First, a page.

I never became a Black public scholar without knowing the consequences. Call me a cynic, but I’ve known to not expect people to be brave in a world where freedom isn’t free. I’ve never expected people to be loyal or to do the right thing. I’ve never expected academia to reward me for this kind of work and I’ve never expected to be anyone’s chairman, dean or provost. I’ve always known that the predominantly white media slaughters Black men like me, and that this kind of work might cost me my career or quite possibly even my life. I let go of my addictions to money and institutional status that keep many of us perpetually enslaved. I let go of the need to win any popularity contests.

As a result of these tradeoffs, I found myself very comfortable making the sacrifices that other people are afraid to make. Being an expert in Finance and risk-taking, I can say that I am no more courageous than anyone else. Sometimes, it’s not as much about being courageous as it is about putting yourself in a position where it is easy to take the risk. A financially secure person with no kids and no addictions to money or status can be far more courageous than someone with a mortgage, major debts and an addiction to money while seeking promotion, awards and other forms of validation from their historical oppressors. I also found that marginalization, while being a lost opportunity for my campus, was actually quite liberating. The marginalized faculty member is not worried about losing political points, and doesn’t care a whole lot what other people think. So, in many ways, my rejection from mainstream academia was a blessing, because I could then spend my life seeking truth. The greatest compliment I’ve ever received came from the daughter of the Great Syracuse alum Jim Brown, who said, “You are what my father would call a ‘free black man’”.

That was one of the greatest days of my life.


Your Black Scholar: Peniel Joseph Writes from the DNC

By Peniel E. Joseph,

What About the Black Community America?

A front page story in today’s New York Times explores the way in which Barack Obama’s presidential candidacy has precipitated excitement and anxiety among African Americans underscores the way in which race continues to contour the dynamics of this historic election. Obama’s march to the Democratic Party’s presidential nomination has produced what I call “racial vertigo” in the United States and beyond. Racial vertigo is characterized by a profound inability to comprehend historic events and phenomena due to the way in which they upend pre-conceived notions of America’s color-line. This is to say that the prospect and promise of Barack Obama being elected America’s first black president has dramatically transformed the national political landscape in ways that continue to defy analysis. In America, what the pre-eminent black intellectual of the twentieth century–W.E.B. Du Bois–called “double-consciousness” cuts both ways. Du Bois defined “double-consciousness” as the tightrope between American citizenship and black marginalization that African Americans faced. Famously, Du Bois wrote of a “veil” or wall that separated blacks and whites in a world where skin color shaped social, political, and economic reality. The color-line imposed its will on white folk as well, allowing them to embrace an identity that, in large measure, defined itself as anti-black. This fiction was backed by an elaborate mythology that used popular culture, public policy, and, as a last resort, racial terror to rationalize black oppression. Racial vertigo distorts these deeply ingrained assumptions that shape the hopes, dreams, ambitions, potential, and imagination of all Americans.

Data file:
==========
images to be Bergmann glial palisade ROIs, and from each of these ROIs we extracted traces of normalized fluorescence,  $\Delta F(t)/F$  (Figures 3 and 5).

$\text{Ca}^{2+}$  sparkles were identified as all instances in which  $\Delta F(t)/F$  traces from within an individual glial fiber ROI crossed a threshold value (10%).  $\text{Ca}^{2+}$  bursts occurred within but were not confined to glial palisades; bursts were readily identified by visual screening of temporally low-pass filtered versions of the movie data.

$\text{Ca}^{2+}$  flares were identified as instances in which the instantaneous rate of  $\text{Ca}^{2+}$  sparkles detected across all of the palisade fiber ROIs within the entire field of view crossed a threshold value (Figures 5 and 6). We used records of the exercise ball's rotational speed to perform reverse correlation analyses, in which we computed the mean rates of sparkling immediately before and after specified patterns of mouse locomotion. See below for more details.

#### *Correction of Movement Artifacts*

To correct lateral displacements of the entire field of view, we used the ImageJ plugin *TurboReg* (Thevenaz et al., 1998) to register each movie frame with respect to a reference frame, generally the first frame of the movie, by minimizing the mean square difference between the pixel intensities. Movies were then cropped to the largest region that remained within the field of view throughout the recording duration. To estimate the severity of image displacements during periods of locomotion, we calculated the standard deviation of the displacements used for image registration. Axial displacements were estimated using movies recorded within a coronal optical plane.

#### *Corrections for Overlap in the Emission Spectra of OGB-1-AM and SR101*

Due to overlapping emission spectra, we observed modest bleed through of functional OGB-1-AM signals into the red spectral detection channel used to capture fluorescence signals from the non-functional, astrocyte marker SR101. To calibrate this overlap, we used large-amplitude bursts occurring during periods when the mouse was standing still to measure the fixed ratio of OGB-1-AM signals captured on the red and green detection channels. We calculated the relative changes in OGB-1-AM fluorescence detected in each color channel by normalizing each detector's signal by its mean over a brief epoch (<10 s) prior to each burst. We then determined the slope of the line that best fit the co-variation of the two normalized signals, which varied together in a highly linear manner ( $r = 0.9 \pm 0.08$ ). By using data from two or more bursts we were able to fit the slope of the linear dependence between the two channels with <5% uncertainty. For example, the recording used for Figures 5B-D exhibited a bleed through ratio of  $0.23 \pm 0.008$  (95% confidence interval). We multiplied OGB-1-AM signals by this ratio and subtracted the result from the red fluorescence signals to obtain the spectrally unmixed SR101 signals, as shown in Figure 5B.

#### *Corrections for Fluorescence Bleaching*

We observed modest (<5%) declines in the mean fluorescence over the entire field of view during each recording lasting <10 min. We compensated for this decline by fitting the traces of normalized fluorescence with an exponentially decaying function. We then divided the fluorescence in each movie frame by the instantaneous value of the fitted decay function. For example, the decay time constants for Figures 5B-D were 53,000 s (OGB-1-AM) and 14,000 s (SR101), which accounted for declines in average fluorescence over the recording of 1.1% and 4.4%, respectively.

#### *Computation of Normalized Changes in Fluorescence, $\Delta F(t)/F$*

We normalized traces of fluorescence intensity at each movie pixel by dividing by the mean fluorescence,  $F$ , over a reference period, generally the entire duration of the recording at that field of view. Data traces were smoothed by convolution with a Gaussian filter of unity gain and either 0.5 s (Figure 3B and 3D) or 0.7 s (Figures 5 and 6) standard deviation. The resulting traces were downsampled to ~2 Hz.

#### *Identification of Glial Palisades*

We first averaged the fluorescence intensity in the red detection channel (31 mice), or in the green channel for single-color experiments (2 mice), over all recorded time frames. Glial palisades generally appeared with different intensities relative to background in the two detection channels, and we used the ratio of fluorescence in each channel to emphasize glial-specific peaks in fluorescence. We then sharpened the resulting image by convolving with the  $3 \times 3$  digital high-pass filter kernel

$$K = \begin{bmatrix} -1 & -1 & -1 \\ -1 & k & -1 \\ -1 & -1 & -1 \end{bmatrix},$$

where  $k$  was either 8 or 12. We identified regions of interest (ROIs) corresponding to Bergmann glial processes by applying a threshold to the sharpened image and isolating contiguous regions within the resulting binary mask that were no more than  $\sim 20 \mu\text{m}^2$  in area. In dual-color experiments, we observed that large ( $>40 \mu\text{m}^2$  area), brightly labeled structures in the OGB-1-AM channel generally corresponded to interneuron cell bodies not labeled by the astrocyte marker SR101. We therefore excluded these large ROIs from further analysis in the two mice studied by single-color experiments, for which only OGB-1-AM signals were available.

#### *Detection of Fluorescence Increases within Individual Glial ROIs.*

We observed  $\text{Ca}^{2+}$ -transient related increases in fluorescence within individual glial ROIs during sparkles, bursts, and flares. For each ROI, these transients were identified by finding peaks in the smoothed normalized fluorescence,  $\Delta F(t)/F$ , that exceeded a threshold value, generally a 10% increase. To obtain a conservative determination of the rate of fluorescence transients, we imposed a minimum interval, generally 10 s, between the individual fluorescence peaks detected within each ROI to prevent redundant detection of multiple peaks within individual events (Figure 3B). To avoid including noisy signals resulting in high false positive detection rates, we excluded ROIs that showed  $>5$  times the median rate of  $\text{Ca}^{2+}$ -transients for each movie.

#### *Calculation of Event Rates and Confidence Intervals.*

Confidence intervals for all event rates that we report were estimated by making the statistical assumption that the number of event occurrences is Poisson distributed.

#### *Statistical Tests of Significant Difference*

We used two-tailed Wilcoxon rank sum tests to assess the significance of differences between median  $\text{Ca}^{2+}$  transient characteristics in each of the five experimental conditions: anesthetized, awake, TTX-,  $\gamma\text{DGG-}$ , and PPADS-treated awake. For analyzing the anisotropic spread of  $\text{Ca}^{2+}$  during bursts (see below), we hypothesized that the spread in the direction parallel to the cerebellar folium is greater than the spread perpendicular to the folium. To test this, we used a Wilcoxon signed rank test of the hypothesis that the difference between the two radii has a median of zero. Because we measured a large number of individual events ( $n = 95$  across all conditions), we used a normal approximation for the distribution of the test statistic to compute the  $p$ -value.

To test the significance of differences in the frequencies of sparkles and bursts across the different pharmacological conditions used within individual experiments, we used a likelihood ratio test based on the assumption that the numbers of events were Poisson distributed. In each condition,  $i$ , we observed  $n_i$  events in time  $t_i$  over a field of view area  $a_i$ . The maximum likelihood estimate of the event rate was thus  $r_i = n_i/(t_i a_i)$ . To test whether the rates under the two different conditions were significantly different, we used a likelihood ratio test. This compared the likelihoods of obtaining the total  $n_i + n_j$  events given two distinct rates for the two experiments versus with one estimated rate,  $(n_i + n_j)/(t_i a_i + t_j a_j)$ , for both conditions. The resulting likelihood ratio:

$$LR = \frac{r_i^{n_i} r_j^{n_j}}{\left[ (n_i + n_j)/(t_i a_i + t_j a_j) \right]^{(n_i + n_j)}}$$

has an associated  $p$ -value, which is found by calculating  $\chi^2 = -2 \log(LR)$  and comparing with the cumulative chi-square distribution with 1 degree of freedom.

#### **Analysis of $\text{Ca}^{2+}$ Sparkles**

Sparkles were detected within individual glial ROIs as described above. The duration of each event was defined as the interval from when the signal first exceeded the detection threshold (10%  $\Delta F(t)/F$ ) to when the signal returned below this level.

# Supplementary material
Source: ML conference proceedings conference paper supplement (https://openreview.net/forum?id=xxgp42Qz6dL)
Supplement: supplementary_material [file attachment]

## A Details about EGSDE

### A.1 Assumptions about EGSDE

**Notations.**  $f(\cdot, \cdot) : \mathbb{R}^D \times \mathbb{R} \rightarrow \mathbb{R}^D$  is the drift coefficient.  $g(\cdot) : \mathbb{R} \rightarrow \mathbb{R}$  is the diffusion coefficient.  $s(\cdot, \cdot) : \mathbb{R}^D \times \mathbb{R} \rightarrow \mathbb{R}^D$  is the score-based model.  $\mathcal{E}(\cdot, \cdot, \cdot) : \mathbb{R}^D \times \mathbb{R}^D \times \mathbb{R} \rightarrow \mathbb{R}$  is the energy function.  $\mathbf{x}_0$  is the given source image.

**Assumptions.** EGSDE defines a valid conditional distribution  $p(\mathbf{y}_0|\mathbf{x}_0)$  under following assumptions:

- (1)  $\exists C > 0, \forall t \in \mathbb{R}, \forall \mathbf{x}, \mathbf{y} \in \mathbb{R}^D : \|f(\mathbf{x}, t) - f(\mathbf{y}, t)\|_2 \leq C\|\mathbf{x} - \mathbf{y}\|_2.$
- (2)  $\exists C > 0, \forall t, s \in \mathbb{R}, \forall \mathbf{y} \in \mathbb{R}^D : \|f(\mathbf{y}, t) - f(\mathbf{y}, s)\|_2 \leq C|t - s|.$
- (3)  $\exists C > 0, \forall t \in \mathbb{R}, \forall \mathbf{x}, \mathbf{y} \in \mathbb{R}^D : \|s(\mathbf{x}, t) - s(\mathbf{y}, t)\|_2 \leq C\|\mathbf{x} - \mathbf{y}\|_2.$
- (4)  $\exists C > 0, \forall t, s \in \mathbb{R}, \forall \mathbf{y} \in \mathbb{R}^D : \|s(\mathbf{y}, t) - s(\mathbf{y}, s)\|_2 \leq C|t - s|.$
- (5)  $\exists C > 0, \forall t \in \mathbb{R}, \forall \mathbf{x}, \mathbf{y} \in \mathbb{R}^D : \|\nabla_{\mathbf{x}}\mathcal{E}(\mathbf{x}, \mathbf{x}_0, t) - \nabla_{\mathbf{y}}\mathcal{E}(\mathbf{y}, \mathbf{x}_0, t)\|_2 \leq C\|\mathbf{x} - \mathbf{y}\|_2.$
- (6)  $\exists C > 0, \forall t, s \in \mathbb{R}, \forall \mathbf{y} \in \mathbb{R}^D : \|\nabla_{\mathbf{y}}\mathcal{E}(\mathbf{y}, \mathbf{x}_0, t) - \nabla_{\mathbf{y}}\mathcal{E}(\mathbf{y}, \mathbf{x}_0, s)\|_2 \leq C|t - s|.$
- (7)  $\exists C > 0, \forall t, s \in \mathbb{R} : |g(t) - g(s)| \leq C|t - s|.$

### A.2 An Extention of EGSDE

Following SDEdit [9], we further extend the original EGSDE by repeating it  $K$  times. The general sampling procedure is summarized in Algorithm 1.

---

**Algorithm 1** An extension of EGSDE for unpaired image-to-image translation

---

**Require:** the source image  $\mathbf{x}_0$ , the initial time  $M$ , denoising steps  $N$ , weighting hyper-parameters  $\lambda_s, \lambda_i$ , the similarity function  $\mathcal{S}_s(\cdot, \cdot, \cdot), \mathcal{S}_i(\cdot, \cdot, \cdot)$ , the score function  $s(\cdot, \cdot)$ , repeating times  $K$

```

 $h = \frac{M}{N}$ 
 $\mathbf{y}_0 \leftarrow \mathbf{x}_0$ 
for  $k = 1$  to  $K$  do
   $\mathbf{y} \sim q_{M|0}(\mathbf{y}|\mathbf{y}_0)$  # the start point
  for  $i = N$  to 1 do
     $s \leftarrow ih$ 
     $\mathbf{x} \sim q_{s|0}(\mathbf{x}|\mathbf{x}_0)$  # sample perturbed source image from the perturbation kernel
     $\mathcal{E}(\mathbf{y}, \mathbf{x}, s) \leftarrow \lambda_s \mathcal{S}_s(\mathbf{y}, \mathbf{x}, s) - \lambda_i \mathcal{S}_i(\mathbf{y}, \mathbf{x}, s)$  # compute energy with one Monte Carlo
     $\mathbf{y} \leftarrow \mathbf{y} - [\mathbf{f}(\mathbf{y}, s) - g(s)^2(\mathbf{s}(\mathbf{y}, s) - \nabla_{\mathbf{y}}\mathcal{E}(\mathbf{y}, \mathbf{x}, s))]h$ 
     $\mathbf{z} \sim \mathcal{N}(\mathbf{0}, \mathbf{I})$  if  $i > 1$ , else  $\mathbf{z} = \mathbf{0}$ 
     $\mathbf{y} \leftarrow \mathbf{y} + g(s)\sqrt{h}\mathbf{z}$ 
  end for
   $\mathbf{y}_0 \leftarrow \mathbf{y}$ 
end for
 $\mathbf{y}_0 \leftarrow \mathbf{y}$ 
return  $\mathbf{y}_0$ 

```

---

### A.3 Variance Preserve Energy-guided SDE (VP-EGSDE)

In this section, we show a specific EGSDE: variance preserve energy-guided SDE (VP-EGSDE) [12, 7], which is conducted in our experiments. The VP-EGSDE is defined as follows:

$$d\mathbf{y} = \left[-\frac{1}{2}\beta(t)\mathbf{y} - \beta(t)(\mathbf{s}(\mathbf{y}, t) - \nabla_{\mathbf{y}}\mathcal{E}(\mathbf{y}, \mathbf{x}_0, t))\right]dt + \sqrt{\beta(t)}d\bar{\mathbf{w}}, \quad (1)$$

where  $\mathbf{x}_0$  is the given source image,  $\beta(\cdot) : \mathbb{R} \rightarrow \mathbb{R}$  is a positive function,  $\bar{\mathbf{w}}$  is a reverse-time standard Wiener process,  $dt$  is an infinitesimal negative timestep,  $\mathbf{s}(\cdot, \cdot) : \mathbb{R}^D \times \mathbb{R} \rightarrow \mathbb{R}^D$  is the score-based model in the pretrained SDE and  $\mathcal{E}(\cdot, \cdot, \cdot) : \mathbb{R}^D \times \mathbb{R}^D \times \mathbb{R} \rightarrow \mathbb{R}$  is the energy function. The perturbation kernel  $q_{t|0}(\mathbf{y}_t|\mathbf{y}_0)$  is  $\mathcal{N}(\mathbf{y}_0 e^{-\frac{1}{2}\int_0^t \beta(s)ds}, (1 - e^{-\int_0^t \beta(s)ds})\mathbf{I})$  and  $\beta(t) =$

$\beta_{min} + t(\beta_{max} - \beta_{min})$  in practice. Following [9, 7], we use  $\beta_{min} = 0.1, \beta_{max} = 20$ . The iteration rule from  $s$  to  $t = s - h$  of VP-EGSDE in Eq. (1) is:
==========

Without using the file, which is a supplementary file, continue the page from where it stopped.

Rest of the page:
Obama’s dramatic primary battle against Hilary Clinton revealed stark racial and gender cleavages within the Democratic Party and the nation as a whole…

Click to keep on reading


Your Black Men: Dr. Boyce Watkins on The New York Times

Dr. Boyce Watkins

I read an article in The New York Times asking if Senator Barack Obama was the “end of black politics”. I couldn’t help but stop for a second and say “huh”? The statement confused me, since I wasn’t sure what the guy was trying to say. Was he saying that older Civil Rights leaders are no longer relevant? Was he saying that promoting a Black agenda is no longer important? I wasn’t sure. I only knew that, like CNN’s modestly degrading “Black in America” series, people were talking about this article. So I took a second to read the damn thing.

Personally, I am not so fond of the idea that a non-black publication and non-black journalist are writing articles trying to possibly kill Black politics. Not that they can’t have an opinion, but it always seems that their opinions of Black people are more important than the opinions that Black people have of Black people (notice how excited everyone was about Black in America on CNN). I grow tired of non-Black media, corporations and media personalities heavily influencing the direction of Black leadership in America. This is yet another reminder that African Americans must work to secure and patronize our own media outlets. Our socio-political destiny should not be determined by the New York Times. That would be like Ebony Magazine explaining to Jews that Nazis weren’t as bad as they think and this whole holocaust remembrance thing is just a waste of time.

I went through the article and thought about it. Essentially, the author was highlighting the generational rift in Black leadership, the one in which young hotshots (I guess I am in that group) are pitted against the tried and true, “I marched with Dr. King so you don’t know anything” generation. I respect my elders, but sometimes they think that way.